Some officials, smug in their bureaucratic positions, dismissed Jackson's words as hollow rhetoric, typical of a white man's limited vision of the Orient. Until, an explosive revelation came in 2004. A journalist broke the news that the Sariska Tiger Reserve in Rajasthan, claiming to be home to about 18 cats, had, in fact, none at all. Earlier, the Rajasthan Forest Department dismissed persistent rumors of tiger poaching in the Reserve, and said that the animals had merely migrated and would come back after the rains. The Project Tiger, now renamed the National Tiger Conservation Authority, endorsed this view. True, true, it agreed without batting an eyelid.

The media expose, when it came, shook the country, and a quick check confirmed the worst fears. Not one tiger at Sariska had lived to tell the tale of murderous men who had systematically butchered just about every big cat there - and sold its parts for a fortune. The government turned red with embarrassment and had to admit that poaching was to blame. It was a national shame repeated in other reportedly well-protected reserves.

The causes for this are well known, but often glossed over or denied. The demand for tiger skins, bones, penises and other parts has been touted as a cure in Chinese traditional medicine for a number of ailments, sexual impotency included. With China's tigers completely gone, poachers turned their attention to India, where poverty and ineffective implementation of laws made it a cakewalk for them. They really had a free run.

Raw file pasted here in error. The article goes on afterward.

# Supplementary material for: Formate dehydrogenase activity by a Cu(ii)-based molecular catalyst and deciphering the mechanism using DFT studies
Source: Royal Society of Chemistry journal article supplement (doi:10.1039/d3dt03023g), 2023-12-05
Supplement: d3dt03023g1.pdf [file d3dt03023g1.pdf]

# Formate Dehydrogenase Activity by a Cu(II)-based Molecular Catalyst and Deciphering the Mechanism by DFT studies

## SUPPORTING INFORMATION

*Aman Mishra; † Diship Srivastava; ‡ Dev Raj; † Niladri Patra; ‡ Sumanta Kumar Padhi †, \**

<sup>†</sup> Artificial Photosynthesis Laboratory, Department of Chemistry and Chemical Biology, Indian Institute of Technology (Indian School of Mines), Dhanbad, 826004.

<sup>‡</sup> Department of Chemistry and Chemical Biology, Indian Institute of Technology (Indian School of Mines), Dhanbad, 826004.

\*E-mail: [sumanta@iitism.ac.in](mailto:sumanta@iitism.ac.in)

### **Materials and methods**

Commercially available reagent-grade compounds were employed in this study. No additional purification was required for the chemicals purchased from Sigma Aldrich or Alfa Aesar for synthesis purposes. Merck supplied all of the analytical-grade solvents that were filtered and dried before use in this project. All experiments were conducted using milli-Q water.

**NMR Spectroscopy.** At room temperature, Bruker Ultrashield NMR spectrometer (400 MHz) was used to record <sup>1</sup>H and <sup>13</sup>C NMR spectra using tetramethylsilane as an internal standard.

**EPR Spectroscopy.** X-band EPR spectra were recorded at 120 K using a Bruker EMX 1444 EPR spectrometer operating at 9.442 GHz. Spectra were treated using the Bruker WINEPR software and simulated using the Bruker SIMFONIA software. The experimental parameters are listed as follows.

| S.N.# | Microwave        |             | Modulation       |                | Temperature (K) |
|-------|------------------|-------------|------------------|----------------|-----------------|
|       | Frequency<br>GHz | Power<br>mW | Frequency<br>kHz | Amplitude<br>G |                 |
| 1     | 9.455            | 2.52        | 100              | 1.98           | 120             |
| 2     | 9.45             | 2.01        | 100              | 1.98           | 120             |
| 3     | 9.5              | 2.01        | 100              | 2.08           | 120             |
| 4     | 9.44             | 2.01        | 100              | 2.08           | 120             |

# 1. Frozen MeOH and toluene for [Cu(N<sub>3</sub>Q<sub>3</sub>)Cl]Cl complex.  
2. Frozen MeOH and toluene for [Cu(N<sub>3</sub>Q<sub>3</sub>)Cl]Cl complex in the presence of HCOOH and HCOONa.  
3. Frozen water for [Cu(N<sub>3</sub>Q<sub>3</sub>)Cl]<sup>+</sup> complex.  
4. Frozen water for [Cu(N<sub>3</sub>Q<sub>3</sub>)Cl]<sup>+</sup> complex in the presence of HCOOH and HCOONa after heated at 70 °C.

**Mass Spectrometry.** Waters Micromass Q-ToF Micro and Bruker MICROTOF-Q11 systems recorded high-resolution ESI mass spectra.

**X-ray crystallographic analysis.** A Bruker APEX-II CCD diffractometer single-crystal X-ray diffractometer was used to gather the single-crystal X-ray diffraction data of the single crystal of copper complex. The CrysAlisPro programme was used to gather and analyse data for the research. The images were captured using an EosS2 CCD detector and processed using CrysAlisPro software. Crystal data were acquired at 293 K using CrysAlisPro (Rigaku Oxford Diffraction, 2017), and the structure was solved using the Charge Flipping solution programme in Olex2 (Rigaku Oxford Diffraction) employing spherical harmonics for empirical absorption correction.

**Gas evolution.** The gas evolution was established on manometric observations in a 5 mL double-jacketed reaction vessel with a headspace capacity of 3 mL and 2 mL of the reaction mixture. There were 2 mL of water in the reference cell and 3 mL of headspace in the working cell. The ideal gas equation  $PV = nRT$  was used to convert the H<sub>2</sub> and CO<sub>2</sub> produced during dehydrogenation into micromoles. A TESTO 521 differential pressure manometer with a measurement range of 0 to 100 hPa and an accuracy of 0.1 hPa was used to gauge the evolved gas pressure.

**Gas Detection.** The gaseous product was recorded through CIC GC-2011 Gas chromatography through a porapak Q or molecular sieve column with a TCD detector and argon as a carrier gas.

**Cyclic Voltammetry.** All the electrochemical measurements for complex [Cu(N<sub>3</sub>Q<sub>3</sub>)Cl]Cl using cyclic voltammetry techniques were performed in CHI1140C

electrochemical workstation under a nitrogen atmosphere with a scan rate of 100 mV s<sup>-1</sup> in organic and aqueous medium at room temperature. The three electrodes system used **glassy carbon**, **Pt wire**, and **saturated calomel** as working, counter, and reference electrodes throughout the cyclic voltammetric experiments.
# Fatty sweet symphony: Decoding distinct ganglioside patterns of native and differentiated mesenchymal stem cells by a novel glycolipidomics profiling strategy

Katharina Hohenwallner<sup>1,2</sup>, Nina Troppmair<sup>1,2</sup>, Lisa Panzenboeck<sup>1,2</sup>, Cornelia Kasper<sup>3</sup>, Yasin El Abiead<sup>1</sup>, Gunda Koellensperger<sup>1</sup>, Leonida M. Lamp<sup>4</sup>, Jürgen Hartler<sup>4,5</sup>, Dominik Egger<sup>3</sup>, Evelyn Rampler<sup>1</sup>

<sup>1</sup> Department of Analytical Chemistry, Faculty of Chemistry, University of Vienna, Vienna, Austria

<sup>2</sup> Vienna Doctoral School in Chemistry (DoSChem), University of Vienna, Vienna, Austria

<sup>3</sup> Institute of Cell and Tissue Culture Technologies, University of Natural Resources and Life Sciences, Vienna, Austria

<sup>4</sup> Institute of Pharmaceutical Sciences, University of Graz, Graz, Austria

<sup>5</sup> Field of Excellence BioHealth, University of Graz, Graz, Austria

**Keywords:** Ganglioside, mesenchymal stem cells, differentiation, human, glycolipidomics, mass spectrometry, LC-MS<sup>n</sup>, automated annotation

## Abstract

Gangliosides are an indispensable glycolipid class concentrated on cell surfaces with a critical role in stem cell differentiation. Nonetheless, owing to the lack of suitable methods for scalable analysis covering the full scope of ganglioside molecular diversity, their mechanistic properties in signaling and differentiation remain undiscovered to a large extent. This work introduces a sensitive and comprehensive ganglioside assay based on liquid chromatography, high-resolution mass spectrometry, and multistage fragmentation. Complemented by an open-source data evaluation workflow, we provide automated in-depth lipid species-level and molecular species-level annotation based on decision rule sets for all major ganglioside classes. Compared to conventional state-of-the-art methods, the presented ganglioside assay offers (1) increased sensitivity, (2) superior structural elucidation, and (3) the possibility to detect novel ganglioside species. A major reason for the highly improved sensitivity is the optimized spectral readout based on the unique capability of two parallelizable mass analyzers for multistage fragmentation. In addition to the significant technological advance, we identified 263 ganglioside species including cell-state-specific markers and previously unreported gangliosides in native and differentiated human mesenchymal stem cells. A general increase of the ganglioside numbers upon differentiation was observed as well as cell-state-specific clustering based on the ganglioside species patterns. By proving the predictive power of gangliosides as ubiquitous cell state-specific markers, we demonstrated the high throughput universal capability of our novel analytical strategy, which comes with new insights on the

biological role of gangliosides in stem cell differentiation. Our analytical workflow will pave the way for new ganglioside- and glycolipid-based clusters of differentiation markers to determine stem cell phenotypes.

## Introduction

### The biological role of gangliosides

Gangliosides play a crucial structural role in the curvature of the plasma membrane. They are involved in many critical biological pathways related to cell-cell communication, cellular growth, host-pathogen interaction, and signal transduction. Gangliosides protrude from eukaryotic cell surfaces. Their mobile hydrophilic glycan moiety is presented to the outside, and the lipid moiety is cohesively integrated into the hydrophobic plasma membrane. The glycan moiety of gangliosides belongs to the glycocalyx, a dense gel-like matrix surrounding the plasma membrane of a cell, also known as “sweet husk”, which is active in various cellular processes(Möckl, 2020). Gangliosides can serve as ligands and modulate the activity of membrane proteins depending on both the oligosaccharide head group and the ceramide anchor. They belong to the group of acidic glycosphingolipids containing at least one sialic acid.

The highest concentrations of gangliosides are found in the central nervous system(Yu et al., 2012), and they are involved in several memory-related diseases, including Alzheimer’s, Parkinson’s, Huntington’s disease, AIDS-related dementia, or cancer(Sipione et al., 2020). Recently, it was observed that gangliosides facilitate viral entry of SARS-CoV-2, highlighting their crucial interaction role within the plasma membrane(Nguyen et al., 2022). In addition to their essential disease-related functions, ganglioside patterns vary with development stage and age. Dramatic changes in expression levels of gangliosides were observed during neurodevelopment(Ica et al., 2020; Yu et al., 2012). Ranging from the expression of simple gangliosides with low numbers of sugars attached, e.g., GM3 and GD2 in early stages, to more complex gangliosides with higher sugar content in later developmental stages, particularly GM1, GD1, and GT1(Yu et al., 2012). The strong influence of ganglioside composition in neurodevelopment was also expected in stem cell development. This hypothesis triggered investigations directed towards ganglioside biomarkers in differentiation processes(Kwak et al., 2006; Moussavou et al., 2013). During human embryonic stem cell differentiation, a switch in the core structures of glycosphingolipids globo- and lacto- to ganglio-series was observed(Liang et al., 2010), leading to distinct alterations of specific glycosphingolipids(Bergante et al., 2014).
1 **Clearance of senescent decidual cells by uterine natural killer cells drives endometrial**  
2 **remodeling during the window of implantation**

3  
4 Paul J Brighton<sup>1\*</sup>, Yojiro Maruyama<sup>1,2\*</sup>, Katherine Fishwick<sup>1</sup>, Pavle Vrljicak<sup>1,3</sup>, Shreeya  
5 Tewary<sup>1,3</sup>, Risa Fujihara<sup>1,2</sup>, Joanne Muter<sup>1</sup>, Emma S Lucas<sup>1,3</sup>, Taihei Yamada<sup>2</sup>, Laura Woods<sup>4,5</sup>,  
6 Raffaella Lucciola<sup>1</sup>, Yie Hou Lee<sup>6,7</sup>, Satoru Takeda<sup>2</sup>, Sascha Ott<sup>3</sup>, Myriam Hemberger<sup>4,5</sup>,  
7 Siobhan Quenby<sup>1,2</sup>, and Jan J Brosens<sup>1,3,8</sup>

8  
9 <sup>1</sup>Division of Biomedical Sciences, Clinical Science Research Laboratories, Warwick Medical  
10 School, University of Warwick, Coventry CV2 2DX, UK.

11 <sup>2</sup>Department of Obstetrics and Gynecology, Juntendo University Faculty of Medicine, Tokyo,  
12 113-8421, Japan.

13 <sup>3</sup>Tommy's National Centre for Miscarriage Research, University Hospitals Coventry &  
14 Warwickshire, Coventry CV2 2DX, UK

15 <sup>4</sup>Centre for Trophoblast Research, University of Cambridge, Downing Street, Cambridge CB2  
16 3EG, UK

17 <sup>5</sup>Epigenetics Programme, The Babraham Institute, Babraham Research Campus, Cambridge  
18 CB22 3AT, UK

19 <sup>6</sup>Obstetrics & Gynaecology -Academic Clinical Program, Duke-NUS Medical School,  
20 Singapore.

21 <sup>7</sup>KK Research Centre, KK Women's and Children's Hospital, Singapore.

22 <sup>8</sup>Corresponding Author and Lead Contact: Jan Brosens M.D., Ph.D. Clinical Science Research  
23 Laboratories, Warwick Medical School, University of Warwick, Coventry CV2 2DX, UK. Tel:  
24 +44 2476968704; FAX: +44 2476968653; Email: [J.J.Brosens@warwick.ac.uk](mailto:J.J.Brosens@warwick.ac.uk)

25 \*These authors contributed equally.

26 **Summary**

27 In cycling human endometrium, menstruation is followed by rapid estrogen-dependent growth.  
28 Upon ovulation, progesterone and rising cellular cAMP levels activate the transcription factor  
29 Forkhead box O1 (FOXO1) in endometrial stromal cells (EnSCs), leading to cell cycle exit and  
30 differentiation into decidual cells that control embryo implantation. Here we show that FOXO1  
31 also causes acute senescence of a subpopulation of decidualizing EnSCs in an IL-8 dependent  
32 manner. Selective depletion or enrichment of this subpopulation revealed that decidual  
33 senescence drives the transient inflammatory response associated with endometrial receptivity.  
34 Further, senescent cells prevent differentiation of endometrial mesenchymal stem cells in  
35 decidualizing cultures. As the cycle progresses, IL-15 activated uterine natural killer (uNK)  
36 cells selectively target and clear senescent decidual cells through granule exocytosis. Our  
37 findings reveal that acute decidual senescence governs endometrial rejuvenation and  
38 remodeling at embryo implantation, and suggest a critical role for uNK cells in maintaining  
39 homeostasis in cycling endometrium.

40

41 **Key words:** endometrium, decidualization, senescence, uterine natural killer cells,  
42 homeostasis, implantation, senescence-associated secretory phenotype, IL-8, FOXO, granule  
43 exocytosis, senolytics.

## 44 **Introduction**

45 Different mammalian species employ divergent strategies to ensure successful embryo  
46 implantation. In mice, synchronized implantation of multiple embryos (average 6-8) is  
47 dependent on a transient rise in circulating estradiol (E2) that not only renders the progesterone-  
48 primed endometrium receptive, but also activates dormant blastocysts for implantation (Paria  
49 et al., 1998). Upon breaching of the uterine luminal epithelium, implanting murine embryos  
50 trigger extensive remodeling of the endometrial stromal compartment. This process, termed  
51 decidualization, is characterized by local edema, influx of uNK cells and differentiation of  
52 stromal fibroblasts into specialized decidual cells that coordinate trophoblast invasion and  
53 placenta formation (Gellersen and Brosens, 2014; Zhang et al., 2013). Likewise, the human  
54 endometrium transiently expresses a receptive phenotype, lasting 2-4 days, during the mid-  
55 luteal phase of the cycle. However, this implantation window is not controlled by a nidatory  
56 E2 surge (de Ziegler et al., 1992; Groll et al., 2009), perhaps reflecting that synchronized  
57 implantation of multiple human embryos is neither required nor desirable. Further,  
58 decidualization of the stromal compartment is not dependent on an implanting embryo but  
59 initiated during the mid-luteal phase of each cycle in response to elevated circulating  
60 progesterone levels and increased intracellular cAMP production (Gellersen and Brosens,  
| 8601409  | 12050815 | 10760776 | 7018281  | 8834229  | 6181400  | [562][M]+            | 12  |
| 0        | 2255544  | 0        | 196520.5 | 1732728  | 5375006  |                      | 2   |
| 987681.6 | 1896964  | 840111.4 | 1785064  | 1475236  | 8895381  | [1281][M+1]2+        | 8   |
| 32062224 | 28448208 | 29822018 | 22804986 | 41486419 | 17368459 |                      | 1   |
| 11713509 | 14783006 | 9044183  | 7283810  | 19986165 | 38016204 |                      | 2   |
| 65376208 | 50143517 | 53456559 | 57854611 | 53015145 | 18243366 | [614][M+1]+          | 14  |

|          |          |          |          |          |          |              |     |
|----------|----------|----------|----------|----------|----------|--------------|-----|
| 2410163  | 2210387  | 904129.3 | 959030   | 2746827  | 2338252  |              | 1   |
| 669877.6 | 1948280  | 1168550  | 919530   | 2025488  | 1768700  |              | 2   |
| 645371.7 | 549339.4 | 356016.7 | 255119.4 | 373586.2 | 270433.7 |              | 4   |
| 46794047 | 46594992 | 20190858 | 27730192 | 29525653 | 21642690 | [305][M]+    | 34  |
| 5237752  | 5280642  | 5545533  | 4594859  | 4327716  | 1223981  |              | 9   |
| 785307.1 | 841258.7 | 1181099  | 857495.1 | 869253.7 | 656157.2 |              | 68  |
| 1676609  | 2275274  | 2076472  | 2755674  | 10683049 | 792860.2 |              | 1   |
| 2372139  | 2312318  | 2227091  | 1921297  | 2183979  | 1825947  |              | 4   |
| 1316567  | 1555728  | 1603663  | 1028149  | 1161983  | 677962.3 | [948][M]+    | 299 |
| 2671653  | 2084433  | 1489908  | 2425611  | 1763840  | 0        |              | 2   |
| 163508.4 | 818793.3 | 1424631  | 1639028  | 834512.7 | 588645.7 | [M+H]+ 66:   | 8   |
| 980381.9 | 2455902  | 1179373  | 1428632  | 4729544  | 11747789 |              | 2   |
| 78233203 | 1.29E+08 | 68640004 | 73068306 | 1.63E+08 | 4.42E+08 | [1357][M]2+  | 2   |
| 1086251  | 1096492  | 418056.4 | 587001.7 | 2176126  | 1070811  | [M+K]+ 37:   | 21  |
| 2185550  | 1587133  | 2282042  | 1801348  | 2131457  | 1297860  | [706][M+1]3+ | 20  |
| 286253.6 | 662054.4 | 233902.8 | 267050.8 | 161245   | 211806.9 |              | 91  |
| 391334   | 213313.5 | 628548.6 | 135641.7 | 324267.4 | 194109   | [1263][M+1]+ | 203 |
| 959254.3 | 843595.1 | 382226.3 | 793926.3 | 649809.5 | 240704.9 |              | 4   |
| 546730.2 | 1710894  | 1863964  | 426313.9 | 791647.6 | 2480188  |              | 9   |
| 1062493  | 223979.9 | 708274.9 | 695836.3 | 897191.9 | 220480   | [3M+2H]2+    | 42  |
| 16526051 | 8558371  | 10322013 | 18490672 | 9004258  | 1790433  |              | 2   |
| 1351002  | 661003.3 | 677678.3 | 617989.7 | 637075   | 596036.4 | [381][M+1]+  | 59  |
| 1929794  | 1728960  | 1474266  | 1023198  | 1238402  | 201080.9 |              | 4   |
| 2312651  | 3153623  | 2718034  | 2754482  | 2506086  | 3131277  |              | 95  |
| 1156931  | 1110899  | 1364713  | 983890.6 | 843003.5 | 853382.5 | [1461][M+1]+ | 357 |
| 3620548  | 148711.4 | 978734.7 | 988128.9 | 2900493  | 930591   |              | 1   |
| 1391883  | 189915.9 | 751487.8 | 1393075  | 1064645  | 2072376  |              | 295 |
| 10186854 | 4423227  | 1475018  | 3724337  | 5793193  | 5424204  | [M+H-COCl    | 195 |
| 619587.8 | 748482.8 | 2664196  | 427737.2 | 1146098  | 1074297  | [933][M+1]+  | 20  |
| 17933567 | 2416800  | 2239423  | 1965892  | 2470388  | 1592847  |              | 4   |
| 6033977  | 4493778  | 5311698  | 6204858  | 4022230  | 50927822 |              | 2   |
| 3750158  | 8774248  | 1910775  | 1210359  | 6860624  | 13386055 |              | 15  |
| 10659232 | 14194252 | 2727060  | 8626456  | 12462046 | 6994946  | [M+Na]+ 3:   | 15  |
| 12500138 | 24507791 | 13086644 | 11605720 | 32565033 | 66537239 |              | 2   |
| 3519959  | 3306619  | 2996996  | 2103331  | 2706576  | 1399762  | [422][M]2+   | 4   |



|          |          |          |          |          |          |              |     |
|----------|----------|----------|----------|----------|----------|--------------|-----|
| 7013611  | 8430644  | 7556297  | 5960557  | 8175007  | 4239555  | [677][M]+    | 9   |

India's exploding population and industrial growth led to human encroachments of forest land, and the tiger found itself with insufficient prey. (An adult tiger needs one deer every week.) So, it began to sneak into villages - on the periphery of forests and sometimes well within them - and take away cattle. Faced with economic losses arising out of such livestock destruction, villagers first tried poisoning the tigers, but later understood the rewards to be gained helping poachers, who were perfectly willing to share a small part of their booty with the poverty stricken rural masses.

Forest guards, some of whom were honest enough not to abet the crime, were a complete mismatch for poachers, who had sophisticated vehicles and weapons, night-vision glasses and pockets full of cash. The guards, often armed with just sticks, and trekking barefoot in hostile terrain, were bullied into total submission.

Yet, despite Sonia Gandhi - the real power behind the present coalition government led by the Congress party - not having the kind of power her mother-in-law, Indira Gandhi, wielded to protect the tiger, the government does not want the animal to disappear from the face of India. No country would want its national emblem to go extinct, and though worried about the votes of those poor citizens who have been making a killing out of the tiger, New Delhi is taking action.

Yes, the battle is not going to be easy, particularly in India, where 75% of the people are poor, living on 25 rupees (US$0.56) a day, and where land is terribly scarce. Can the tiger hope to win?

Gautaman Bhaskaran is an author, writer, columnist and film critic based in Chennai.